Pinetop Perkins was one of the last great Mississippi bluesmen still performing. He began playing blues around 1927 and is widely regarded as one of the best blues pianists. He created a style of playing that has influenced three generations of piano players and will continue to be the yardstick by which great blues pianists are measured.
Born Willie Perkins, in Belzoni, MS, in 1913, Pinetop started out playing guitar and piano at house parties and honky- tonks but dropped the guitar in the 1940s after sustaining a serious injury in his left arm. Perkins worked primarily in the Mississippi Delta throughout the thirties and forties, spending three years with Sonny Boy Williamson on the King Biscuit Time radio show on KFFA, Helena, Arkansas. Pinetop also toured extensively with slide guitar player Robert Nighthawk and backed him on an early Chess session. After briefly working with B.B. King in Memphis, Perkins barnstormed the South with Earl Hooker during the early fifties. The pair completed a session for Sam Phillips’ famous Sun Records in 1953. It was at this session that he recorded his version of Pinetop Smith’s Boogie Woogie.
By this time, Pinetop had developed his own unmistakable sound. His right hand plays horn lines while his left kicks out bass lines and lots of bottom. It was Pinetop, along with Pete Johnson, Meade Lux Lewis, Albert Ammons, and Little Brother Montgomery, who provided the basic format and ideas from which countless swing bands derived their sound - whole horn sections playing out what Pinetop’s right hand was playing. Although Pinetop never played swing, it was his brand of boogie-woogie that came to structure swing and, eventually, rock ‘n’ roll.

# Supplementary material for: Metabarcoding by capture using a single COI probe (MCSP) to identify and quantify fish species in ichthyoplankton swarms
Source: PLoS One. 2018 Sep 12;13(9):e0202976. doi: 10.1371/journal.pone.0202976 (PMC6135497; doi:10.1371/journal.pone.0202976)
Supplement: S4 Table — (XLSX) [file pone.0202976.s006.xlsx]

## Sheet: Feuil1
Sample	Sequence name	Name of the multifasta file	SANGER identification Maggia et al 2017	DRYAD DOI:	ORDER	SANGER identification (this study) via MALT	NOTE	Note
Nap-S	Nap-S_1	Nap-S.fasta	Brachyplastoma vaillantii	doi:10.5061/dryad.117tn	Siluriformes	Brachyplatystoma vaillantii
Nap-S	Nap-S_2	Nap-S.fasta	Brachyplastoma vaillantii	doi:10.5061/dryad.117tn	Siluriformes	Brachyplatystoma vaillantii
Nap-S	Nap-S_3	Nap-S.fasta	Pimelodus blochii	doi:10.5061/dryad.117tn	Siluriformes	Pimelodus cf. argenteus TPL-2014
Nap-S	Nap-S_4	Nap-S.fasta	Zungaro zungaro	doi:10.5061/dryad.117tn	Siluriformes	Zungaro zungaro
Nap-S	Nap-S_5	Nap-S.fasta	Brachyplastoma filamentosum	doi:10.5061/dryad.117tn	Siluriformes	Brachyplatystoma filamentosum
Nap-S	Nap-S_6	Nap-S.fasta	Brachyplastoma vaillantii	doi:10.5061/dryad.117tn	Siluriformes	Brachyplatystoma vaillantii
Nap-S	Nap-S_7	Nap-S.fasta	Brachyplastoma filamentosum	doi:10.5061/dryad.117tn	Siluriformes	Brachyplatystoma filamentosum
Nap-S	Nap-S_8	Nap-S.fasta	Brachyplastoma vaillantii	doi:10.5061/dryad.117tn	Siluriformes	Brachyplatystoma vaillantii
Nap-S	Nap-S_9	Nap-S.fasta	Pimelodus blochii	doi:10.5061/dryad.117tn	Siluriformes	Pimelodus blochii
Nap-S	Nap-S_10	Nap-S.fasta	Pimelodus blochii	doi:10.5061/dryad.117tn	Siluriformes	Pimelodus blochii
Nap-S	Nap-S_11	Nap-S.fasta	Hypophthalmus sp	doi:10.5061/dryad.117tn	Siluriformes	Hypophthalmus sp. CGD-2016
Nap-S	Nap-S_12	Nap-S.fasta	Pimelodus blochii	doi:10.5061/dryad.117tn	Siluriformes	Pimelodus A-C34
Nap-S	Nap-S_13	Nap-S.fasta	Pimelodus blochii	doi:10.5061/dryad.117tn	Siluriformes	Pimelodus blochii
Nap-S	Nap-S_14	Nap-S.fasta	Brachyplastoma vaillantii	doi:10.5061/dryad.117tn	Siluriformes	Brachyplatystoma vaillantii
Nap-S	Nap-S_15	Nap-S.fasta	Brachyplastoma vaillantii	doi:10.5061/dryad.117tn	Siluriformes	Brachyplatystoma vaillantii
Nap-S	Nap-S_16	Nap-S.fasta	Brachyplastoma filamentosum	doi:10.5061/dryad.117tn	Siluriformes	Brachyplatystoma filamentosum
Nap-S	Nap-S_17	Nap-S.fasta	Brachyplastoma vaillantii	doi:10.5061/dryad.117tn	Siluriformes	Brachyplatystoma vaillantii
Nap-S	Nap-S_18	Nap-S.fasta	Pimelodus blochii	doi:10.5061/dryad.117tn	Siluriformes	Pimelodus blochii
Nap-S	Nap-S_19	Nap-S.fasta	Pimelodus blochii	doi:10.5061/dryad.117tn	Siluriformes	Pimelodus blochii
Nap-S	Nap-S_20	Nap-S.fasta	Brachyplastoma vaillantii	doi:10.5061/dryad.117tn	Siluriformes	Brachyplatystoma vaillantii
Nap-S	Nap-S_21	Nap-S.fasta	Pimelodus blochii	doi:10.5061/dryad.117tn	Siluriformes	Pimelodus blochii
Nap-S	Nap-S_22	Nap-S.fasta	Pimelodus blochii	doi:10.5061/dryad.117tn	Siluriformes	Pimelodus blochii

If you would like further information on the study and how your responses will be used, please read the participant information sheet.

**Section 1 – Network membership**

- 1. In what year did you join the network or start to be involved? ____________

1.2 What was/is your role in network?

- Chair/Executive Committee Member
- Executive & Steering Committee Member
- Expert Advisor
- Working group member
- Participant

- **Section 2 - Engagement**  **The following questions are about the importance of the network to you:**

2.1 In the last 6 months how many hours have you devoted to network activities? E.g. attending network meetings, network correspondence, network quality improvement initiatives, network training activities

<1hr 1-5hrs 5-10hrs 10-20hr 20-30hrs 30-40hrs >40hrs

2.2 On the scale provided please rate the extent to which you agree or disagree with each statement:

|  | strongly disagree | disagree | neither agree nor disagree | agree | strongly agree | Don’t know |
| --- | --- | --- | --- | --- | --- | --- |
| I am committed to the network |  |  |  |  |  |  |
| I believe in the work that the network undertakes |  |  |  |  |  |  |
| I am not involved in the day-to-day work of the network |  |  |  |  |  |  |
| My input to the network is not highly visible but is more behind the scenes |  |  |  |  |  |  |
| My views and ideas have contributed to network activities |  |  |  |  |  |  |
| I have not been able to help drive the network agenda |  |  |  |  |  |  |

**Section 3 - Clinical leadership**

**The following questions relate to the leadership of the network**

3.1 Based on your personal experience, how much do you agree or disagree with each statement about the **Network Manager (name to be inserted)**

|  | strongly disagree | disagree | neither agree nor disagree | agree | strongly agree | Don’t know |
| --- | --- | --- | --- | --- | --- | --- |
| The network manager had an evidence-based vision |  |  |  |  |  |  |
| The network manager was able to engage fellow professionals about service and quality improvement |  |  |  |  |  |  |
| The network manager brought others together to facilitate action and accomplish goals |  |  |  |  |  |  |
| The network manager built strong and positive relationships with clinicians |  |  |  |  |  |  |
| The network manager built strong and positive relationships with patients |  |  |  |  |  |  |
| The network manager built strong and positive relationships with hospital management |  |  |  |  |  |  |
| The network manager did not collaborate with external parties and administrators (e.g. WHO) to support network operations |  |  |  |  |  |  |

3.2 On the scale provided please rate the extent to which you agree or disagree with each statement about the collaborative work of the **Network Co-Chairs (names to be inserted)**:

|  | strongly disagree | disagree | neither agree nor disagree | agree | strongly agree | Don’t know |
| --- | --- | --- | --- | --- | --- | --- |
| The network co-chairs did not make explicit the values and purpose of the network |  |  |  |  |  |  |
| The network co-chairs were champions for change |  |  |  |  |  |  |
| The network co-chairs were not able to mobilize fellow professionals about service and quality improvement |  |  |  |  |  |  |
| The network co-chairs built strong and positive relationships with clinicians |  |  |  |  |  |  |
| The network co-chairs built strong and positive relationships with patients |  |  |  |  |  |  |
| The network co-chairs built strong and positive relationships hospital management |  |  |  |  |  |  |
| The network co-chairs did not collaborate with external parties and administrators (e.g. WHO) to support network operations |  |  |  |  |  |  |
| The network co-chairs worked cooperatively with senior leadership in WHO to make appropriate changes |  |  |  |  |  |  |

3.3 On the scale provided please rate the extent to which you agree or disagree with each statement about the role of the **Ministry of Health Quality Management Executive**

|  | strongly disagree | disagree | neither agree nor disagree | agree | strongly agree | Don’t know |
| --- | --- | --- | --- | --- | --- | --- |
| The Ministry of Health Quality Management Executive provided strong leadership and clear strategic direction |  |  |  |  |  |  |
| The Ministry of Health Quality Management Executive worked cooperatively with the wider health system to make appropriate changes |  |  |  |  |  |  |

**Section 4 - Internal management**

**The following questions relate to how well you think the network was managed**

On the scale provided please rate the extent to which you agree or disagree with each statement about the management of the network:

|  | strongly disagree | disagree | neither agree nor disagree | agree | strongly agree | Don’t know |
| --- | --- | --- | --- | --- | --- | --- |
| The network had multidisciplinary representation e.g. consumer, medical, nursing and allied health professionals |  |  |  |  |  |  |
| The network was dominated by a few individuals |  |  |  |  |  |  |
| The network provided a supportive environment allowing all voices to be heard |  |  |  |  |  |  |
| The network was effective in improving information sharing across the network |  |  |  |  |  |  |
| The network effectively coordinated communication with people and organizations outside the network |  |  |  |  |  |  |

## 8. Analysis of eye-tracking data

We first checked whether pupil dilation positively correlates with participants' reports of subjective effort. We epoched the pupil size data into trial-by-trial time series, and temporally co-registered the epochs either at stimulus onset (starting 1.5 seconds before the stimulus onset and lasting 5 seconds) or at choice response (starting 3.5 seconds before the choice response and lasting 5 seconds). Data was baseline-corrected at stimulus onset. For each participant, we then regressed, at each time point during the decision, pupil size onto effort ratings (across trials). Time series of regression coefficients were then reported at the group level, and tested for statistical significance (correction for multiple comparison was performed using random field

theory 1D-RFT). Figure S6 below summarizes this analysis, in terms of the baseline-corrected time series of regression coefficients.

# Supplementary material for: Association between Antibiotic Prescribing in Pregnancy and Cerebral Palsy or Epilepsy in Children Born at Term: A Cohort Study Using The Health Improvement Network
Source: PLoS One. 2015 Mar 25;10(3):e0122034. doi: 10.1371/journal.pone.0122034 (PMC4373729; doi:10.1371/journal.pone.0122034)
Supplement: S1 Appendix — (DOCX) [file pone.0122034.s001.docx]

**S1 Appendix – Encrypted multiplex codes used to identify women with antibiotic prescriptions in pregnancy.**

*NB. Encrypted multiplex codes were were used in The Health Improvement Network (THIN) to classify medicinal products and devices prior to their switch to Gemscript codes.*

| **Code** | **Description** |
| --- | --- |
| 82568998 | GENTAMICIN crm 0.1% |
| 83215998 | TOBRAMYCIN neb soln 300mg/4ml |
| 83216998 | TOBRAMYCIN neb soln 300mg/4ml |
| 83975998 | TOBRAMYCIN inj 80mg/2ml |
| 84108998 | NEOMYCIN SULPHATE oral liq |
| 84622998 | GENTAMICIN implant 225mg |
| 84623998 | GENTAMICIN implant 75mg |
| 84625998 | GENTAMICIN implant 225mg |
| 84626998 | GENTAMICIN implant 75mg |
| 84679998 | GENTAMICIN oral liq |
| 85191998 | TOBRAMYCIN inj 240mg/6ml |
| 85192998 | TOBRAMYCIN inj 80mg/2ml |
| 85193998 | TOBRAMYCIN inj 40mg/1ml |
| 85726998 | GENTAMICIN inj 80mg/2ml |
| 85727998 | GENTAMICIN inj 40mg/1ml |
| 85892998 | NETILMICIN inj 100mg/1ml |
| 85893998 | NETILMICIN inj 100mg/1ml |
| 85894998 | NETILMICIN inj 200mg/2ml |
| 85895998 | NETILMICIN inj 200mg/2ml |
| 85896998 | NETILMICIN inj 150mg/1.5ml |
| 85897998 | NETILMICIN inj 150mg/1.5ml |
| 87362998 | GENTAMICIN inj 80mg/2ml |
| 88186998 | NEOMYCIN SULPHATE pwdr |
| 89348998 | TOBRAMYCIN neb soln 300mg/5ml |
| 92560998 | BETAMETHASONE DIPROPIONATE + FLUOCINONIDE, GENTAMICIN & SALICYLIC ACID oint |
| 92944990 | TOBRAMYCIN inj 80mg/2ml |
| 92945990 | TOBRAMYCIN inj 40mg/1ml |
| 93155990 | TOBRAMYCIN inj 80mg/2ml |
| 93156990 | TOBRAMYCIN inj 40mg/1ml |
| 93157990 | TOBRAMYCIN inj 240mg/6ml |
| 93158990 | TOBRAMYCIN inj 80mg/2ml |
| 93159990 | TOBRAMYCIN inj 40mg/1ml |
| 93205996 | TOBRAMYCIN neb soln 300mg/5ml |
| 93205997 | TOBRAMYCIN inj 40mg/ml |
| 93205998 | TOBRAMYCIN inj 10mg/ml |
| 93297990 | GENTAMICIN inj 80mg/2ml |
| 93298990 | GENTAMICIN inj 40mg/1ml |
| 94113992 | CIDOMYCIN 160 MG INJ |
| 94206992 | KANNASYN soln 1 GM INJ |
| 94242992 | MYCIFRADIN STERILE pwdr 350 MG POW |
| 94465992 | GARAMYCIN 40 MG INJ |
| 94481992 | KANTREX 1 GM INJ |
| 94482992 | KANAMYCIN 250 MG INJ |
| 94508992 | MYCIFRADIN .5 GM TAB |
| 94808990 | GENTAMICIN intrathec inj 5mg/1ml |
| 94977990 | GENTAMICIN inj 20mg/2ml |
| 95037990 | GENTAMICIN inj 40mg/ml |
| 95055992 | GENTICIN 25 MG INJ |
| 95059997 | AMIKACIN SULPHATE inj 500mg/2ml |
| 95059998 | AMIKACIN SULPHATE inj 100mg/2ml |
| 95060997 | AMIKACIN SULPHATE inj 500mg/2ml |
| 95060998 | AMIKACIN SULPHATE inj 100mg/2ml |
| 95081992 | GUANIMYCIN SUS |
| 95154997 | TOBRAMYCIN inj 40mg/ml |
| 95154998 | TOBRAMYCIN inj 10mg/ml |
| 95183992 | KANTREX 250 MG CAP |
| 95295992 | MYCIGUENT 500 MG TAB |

Still, with recent successes the exception, Pinetop is best known for holding down the piano chair in the great Muddy Waters Band for twelve years during the highest point of Muddy’s career. Replacing the late, great Otis Spann in 1969, Pinetop helped shape the Waters sound and anchored Muddy’s memorable combo throughout the seventies with his brilliant piano solos.
In 1980, Pinetop and other Waters alumni decided to go out on their own and formed the Legendary Blues Band. Legendary recorded two records for Rounder and toured extensively.
Pinetop, who had been labeled a sideman throughout most of his career, eventually left Legendary to concentrate on a solo career. Within two years, he had his first domestic record as a frontman and had a most impressive touring schedule. Since going solo, Pinetop was featured on many nationally syndicated news and music shows, and appeared in numerous movie productions, as well as television and radio ads. He also headlined nearly every major showcase room in North America and most of the major festivals around the world.